When Jingyu Zhuang discovered his family in Nanchang, China might not be able to attend his college graduation this May, he got creative.
The Rensselaer Polytechnic Institute student realized he could use his skill developing video games to bring his family — and other families — closer together during the pandemic. In several months, he created Voyage, an open-world sandbox-style multiplayer game using geo-data from Google Maps, allowing players to travel the Earth together. The game lets players plant trees and explore various places, and more importantly, it allowed Zhuang’s parents to visit his new home.“
“As a senior planning to have my whole family coming to the United States to attend my graduation ceremony, our whole plan was ruined by the endless growing number of infections,” Zhuang said. “And I am definitely not the only one suffering from the pandemic. So I created this project, to answer the problem in my own way as a game developer.”
This week, thanks to Zhuang’s innovative game and his other work, he became the inaugural recipient of local game developer Vicarious Visions’ Pathfinder Award. He earned a scholarship — created as a partnership between RPI’s Games and Simulation Arts and Sciences program and the developer — for his excellence in game development.
“The ways [students] use games to reflect on their life experiences is often very profound,” said Ben Chang, director of the RPI program. “It’s interesting to see this project from Jingyu that really brings people together in the pandemic because that’s so often on everyone’s minds. It’s something games have enabled people to do during this difficult year.”
Zhuang first discovered games at age 6, when he and his dad started playing the strategy game Go. He realized the experience was like no other.
“And as I grew older, I got to know a lot of different games and realized that games, as an interactive medium, can provide players with a lot more than just entertainment,” Zhuang said. “It can carry values and impacts. And that’s the reason I decided to come to the U.S. and learn how to make my own games. And my goal is always to make innovative and meaningful experiences for the audience.”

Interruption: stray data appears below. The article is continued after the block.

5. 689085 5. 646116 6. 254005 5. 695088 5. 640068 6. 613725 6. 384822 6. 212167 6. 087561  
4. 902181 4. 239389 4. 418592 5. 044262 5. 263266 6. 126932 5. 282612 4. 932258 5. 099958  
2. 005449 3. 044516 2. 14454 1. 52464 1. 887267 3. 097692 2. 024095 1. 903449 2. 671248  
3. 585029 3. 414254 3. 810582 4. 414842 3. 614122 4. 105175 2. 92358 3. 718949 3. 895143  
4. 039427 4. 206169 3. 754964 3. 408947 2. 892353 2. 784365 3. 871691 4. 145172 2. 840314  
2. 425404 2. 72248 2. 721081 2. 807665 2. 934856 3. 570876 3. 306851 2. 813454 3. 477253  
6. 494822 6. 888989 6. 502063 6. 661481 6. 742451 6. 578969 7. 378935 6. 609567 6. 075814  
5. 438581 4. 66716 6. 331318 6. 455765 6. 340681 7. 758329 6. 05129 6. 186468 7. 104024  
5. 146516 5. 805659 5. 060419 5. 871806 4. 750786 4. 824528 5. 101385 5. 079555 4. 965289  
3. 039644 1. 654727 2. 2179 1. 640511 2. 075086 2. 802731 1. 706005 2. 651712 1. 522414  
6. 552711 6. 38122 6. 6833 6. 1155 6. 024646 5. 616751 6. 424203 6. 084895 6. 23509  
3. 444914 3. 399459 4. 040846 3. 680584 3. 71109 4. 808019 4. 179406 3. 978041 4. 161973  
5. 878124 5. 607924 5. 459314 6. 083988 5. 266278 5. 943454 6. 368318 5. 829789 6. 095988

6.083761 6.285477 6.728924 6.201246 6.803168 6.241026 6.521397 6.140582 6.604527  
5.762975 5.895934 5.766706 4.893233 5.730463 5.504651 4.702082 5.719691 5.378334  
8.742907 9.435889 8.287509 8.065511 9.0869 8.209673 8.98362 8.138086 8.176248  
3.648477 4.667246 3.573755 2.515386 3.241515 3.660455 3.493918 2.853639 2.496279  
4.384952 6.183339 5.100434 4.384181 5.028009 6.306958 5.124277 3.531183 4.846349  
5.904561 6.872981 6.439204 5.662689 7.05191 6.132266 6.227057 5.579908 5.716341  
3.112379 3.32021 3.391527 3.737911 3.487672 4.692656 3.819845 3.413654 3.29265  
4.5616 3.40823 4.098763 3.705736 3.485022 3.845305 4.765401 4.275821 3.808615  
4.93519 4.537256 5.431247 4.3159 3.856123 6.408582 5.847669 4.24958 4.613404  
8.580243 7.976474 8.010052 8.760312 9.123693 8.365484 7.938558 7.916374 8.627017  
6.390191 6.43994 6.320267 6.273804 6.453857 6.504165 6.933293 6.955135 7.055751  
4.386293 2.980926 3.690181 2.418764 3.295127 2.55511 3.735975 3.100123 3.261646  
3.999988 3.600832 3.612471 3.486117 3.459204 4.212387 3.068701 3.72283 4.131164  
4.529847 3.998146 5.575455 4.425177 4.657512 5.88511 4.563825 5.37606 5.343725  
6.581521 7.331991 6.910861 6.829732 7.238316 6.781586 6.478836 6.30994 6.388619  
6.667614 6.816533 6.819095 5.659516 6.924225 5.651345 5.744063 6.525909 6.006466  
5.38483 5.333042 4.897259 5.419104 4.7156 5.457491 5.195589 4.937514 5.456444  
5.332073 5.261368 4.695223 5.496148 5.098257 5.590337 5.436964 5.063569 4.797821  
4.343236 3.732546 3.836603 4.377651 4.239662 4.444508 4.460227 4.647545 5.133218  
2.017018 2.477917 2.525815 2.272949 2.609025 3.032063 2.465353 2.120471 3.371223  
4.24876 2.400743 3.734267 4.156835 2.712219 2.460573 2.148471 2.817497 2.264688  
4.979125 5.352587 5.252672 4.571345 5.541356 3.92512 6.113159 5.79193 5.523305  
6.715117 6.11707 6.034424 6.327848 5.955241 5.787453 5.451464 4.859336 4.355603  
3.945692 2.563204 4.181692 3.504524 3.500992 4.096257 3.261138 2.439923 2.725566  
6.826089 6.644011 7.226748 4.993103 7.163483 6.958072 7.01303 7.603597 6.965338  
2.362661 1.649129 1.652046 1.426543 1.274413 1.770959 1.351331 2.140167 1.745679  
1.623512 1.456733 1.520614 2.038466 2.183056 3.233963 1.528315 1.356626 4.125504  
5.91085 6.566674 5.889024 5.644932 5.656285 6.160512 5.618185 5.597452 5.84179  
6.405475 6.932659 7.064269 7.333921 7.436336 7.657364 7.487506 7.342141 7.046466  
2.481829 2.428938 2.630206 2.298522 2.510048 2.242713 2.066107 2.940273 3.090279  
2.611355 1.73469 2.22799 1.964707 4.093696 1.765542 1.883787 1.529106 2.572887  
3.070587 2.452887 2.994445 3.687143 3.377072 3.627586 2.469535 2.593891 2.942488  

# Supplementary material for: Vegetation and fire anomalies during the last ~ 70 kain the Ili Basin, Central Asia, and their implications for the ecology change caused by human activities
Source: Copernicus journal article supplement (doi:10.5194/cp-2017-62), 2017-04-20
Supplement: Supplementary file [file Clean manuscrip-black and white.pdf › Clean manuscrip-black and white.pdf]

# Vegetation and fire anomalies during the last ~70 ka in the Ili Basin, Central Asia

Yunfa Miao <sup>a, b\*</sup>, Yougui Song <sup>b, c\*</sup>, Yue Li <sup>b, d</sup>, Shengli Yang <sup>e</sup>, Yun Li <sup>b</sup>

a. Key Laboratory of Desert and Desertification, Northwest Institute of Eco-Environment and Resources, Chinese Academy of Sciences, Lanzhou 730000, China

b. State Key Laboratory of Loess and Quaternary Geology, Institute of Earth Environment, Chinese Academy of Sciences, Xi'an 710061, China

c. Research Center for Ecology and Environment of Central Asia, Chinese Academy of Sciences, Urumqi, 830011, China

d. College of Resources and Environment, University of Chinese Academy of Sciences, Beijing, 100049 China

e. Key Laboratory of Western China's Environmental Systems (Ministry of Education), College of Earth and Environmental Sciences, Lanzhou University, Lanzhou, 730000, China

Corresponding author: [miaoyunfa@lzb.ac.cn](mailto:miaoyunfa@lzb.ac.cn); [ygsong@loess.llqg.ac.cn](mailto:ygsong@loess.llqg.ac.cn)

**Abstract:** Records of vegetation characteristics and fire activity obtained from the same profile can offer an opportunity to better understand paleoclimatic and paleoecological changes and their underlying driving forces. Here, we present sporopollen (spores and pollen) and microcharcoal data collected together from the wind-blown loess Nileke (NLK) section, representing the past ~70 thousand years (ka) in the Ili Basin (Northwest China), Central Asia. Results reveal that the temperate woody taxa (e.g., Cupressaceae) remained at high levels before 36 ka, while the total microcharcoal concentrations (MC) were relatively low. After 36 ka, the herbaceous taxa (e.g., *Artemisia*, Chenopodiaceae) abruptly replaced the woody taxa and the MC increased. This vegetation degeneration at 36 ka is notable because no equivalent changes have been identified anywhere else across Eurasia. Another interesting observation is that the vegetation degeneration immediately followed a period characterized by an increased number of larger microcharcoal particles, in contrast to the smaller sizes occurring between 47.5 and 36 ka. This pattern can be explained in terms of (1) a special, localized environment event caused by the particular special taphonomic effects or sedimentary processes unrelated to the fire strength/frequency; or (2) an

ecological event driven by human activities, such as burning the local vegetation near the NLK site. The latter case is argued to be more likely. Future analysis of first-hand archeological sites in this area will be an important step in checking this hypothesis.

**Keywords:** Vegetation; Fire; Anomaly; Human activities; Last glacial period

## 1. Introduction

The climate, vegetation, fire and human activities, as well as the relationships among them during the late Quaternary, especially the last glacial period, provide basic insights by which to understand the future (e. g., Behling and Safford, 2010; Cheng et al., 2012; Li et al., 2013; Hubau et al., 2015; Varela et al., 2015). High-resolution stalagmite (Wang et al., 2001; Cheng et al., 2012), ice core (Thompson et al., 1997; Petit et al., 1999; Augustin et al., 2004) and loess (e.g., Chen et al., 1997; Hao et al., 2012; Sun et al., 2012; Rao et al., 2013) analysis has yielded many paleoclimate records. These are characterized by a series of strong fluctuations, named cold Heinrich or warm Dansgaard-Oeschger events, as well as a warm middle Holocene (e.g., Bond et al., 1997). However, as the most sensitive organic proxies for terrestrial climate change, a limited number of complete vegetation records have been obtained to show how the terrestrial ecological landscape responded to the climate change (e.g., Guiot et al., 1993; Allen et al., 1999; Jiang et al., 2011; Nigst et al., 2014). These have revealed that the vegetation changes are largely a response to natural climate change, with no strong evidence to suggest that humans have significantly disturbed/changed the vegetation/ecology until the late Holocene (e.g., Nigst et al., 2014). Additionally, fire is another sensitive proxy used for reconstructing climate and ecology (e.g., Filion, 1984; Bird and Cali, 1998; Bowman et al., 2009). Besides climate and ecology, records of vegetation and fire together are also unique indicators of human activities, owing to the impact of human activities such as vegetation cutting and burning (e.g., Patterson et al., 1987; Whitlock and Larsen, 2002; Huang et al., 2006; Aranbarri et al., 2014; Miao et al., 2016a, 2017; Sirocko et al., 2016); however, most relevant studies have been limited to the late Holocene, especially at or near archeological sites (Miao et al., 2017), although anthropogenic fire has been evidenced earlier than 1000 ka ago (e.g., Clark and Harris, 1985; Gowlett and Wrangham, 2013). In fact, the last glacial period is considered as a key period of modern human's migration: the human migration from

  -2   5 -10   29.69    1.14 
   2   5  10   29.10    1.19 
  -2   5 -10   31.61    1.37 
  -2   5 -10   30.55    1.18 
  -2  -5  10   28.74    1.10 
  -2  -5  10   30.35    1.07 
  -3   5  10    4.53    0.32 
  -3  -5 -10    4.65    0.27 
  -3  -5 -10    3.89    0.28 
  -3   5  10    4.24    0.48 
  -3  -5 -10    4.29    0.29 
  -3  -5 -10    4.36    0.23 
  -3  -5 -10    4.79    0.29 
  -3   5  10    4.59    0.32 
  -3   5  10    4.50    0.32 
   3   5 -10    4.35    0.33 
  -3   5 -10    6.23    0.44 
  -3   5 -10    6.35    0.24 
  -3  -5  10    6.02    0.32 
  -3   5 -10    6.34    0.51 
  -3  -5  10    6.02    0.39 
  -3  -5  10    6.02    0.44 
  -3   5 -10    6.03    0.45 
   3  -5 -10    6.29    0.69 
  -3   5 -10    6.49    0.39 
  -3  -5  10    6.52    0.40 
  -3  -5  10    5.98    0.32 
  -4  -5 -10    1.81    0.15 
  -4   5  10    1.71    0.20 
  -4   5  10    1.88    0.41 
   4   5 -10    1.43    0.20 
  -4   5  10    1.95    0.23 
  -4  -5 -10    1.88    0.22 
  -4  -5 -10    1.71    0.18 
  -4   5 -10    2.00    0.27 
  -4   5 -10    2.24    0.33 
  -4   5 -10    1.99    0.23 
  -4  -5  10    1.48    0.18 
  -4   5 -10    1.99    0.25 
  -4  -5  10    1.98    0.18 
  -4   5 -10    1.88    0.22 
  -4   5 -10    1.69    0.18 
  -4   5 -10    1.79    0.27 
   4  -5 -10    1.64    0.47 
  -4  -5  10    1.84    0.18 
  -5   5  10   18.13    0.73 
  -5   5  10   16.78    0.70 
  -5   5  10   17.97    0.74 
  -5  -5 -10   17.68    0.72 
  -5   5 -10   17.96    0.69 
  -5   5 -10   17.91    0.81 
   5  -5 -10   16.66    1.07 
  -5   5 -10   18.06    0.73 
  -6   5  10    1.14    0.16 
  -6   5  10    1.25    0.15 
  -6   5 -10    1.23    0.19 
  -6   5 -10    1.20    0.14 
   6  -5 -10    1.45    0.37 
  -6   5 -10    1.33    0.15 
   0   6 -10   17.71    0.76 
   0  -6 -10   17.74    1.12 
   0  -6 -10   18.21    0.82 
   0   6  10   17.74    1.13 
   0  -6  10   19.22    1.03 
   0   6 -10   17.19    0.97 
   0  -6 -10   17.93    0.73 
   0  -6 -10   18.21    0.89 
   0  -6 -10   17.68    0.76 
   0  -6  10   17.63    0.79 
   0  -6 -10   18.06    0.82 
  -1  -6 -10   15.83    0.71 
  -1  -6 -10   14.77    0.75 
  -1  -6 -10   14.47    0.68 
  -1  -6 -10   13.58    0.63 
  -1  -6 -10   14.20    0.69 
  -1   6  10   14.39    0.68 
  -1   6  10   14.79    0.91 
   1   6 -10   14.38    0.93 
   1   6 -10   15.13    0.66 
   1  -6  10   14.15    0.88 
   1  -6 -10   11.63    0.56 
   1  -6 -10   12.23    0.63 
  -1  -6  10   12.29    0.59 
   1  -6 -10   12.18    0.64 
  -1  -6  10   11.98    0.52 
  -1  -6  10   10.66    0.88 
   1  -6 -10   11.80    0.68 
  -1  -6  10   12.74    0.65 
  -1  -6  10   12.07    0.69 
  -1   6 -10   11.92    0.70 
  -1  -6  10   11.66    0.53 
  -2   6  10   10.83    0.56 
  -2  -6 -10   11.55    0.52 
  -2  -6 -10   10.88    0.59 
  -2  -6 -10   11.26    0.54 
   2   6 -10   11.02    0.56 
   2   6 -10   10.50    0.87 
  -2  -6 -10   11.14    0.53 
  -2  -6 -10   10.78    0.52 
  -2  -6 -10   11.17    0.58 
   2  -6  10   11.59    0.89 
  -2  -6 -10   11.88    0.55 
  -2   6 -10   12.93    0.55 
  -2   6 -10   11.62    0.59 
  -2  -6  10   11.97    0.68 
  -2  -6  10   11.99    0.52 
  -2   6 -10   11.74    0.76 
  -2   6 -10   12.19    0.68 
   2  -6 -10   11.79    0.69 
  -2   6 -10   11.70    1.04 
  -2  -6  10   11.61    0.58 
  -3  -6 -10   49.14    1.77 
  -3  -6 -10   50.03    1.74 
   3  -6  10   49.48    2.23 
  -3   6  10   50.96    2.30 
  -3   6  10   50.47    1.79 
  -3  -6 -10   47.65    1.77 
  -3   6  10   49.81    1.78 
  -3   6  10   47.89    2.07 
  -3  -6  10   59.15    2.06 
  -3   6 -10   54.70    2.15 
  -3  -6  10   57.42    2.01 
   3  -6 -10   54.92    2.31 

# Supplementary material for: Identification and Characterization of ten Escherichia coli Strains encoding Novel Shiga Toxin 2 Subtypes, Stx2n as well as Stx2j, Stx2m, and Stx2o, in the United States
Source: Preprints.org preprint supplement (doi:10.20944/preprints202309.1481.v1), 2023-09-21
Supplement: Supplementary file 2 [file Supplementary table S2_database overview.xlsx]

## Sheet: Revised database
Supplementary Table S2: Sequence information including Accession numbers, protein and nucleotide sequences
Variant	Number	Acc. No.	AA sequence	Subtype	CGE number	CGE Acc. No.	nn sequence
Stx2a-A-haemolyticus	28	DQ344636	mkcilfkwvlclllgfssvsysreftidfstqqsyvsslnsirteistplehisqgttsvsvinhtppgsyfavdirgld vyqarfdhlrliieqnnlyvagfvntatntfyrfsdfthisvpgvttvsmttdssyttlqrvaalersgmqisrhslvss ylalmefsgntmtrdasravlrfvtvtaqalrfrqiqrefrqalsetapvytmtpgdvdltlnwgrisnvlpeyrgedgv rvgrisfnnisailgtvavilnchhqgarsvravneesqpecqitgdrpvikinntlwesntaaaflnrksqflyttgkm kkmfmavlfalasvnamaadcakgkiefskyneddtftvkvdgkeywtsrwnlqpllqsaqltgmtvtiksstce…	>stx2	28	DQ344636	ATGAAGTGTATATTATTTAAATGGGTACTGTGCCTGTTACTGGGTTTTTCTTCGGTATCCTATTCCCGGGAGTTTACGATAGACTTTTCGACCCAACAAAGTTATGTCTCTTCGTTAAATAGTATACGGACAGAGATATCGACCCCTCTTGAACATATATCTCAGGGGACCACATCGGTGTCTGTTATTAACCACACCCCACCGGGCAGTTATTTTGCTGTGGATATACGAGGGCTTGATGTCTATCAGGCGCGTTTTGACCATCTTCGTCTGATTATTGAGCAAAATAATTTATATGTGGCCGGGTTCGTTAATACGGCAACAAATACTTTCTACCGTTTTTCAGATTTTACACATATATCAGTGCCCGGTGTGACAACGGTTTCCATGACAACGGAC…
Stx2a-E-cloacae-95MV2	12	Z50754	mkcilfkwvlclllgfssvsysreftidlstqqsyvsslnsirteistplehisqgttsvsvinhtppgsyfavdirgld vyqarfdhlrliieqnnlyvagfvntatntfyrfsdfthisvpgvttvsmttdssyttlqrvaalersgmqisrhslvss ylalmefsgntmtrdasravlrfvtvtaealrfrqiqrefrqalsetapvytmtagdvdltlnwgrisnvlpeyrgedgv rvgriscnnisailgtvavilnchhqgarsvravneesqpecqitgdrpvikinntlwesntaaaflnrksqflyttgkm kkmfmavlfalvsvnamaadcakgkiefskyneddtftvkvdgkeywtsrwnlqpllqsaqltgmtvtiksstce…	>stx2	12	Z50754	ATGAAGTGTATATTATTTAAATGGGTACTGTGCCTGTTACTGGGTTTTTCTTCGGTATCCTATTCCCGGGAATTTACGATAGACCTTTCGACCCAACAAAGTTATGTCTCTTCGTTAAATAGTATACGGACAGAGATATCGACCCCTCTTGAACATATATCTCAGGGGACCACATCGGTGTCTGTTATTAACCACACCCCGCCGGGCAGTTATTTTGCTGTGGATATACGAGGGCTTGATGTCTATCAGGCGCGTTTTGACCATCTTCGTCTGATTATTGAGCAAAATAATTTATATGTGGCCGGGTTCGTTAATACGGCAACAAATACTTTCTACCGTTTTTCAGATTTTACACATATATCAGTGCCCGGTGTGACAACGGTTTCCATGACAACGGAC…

The developer created his first game after being introduced to online tutorials in high school and he has since created about 10 games in the classroom after starting school at RPI. Zhuang has participated in about 10 Game Jam competitions, where participants make games from scratch in 48 hours. He’s won multiple awards through it, but Voyage wasn’t made in a competition. It was made after months of hard work, with the intention of bringing people together.
“The ideation process starts with a simple question: ‘How can I create a game for people to hangout virtually and feel inspired during the pandemic?’” Zhuang said. “After that I developed a prototype which collects real-time geo-data from Google Map to simulate the entire Earth. After that, based on my intended experience I developed more features such as: an online server which allows people across the globe to meet each other in the game; the creation feature which allows players to plant flowers or leave messages in the world, etc.”
In Voyage, players can hang out in a multiplayer universe, plant trees and flowers and create signs to communicate with each other. The things they create in the journeys will exist in the virtual world forever.
“Personally I think the experience is unique because it simulates the real-world environment which people can easily relate to,” Zhuang said. “What also differentiates it from the traditional video games is that it has no predefined goals, and that’s exactly what I intend to do: to provide people with this virtual environment but not forcing them to do anything. So the players get to decide where to go and what to do, just like hanging out in real time.”
Zhuang’s Pathfinder Award is one he said he’s thrilled and honored to receive, especially from a company behind so many video game franchises he admires.
“I think although I am the selected winner for this award, I am definitely not the only ‘pathfinder’ worthy of this recognition,” Zhuang said. “Every student in the RPI GSAS program is making something original and special.”
Zhuang is grateful to his family for believing in his skills as a developer and hopes he can continue to make them proud.
“I sincerely hope I can one day be as inspiring to others as this award is to me.”
Correction 1/23/21 8:15 p.m.: An earlier version of this story incorrectly spelled Jingyu Zhuang’s last name.